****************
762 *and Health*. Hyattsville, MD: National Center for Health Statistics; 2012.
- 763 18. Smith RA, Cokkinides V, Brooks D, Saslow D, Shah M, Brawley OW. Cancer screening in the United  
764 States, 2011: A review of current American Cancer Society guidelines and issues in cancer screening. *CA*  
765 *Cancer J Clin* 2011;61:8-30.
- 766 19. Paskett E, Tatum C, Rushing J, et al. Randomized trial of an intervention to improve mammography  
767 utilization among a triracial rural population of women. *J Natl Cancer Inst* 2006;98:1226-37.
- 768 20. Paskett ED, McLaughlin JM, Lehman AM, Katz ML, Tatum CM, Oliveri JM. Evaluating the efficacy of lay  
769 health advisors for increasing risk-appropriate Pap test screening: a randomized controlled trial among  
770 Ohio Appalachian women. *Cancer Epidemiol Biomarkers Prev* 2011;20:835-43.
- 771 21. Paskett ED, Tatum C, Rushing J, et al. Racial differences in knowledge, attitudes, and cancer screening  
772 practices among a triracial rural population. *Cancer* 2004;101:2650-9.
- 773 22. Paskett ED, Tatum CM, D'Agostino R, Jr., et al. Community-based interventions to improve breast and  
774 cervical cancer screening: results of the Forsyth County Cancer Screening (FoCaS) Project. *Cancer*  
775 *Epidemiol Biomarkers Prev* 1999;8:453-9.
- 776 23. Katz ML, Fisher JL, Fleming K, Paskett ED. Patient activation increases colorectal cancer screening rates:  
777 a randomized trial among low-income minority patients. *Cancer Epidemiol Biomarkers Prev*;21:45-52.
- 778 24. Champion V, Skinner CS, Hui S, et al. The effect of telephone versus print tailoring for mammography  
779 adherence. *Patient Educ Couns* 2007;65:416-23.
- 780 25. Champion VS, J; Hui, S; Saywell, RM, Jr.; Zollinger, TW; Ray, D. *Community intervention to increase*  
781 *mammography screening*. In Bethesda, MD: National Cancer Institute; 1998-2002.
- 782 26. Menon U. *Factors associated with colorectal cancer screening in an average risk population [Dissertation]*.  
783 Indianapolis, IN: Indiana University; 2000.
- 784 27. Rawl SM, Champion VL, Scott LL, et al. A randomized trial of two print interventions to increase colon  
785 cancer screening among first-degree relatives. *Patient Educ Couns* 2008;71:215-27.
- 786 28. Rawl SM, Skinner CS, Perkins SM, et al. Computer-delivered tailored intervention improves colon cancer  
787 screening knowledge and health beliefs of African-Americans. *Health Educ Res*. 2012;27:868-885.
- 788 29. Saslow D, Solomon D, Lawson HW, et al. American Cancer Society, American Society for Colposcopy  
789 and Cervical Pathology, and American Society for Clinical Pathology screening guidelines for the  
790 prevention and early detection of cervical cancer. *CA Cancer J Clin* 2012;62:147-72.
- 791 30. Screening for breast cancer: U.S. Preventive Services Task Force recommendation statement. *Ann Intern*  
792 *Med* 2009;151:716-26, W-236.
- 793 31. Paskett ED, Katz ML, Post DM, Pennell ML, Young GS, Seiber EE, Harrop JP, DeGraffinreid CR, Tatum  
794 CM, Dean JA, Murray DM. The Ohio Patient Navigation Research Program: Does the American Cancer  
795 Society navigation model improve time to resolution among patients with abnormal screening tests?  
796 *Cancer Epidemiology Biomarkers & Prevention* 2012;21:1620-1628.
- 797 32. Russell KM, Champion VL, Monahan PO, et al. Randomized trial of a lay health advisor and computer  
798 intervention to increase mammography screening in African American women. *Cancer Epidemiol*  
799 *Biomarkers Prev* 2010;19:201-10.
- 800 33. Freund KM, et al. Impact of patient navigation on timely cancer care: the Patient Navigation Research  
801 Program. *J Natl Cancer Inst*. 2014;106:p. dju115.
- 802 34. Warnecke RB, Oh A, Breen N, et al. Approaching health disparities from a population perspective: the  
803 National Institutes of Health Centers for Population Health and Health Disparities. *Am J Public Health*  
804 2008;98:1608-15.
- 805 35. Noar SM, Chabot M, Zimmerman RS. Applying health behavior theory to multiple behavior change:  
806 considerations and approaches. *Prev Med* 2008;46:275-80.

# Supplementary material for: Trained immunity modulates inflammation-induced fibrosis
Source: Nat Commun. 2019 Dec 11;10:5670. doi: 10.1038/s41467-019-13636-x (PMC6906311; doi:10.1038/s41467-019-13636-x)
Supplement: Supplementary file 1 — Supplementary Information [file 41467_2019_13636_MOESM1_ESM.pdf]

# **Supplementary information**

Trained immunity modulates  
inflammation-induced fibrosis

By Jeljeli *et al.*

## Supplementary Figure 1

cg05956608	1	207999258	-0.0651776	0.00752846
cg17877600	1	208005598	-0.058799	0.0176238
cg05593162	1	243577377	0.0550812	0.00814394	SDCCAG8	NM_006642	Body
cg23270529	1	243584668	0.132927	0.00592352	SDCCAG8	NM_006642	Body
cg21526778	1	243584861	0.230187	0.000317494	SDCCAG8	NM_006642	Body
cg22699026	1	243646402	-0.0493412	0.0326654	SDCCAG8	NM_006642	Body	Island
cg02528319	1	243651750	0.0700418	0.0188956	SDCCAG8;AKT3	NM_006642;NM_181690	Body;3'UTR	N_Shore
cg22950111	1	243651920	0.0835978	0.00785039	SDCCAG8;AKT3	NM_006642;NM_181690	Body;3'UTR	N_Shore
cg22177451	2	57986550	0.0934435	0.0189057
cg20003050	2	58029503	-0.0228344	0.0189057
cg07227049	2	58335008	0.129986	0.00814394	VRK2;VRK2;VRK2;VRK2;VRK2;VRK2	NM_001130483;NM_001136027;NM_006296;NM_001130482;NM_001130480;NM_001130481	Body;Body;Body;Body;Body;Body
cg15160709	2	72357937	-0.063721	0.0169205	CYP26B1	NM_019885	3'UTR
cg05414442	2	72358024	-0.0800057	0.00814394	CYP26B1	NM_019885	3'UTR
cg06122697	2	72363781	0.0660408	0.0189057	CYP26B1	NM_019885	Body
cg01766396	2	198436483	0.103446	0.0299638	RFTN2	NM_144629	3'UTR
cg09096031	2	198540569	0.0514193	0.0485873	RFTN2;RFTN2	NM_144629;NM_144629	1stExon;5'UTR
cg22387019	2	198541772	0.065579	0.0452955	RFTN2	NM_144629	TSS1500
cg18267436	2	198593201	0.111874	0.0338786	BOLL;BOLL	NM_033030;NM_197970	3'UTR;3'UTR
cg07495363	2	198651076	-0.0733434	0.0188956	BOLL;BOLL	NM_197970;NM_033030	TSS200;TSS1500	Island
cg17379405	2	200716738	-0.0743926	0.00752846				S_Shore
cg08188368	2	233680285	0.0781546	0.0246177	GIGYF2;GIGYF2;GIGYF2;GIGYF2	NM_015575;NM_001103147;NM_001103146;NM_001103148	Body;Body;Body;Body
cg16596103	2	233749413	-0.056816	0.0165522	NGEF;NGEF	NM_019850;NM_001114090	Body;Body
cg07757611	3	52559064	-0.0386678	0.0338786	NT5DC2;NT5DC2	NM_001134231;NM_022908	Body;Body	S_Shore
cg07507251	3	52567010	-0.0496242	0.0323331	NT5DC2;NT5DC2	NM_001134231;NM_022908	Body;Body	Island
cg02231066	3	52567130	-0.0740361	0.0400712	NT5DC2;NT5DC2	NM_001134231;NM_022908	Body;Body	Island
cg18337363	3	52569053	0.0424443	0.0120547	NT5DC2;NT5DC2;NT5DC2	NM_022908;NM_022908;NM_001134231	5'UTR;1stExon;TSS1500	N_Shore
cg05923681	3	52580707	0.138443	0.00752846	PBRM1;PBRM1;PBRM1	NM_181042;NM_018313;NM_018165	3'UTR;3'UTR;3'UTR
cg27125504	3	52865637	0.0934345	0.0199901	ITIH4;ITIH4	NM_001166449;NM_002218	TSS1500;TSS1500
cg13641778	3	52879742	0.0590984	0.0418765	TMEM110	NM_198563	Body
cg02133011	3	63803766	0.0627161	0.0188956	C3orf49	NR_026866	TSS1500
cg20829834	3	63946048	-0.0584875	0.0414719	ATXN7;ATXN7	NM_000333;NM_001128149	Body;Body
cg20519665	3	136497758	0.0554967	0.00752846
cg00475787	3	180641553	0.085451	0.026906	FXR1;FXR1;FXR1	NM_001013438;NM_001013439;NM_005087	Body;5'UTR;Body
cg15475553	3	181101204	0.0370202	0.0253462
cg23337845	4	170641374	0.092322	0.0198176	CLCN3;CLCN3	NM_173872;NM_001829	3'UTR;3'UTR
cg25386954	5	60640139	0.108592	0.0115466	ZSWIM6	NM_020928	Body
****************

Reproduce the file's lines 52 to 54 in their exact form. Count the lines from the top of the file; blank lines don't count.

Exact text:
By Jeljeli *et al.*

## Supplementary Figure 1

cg05956608	1	207999258	-0.0651776	0.00752846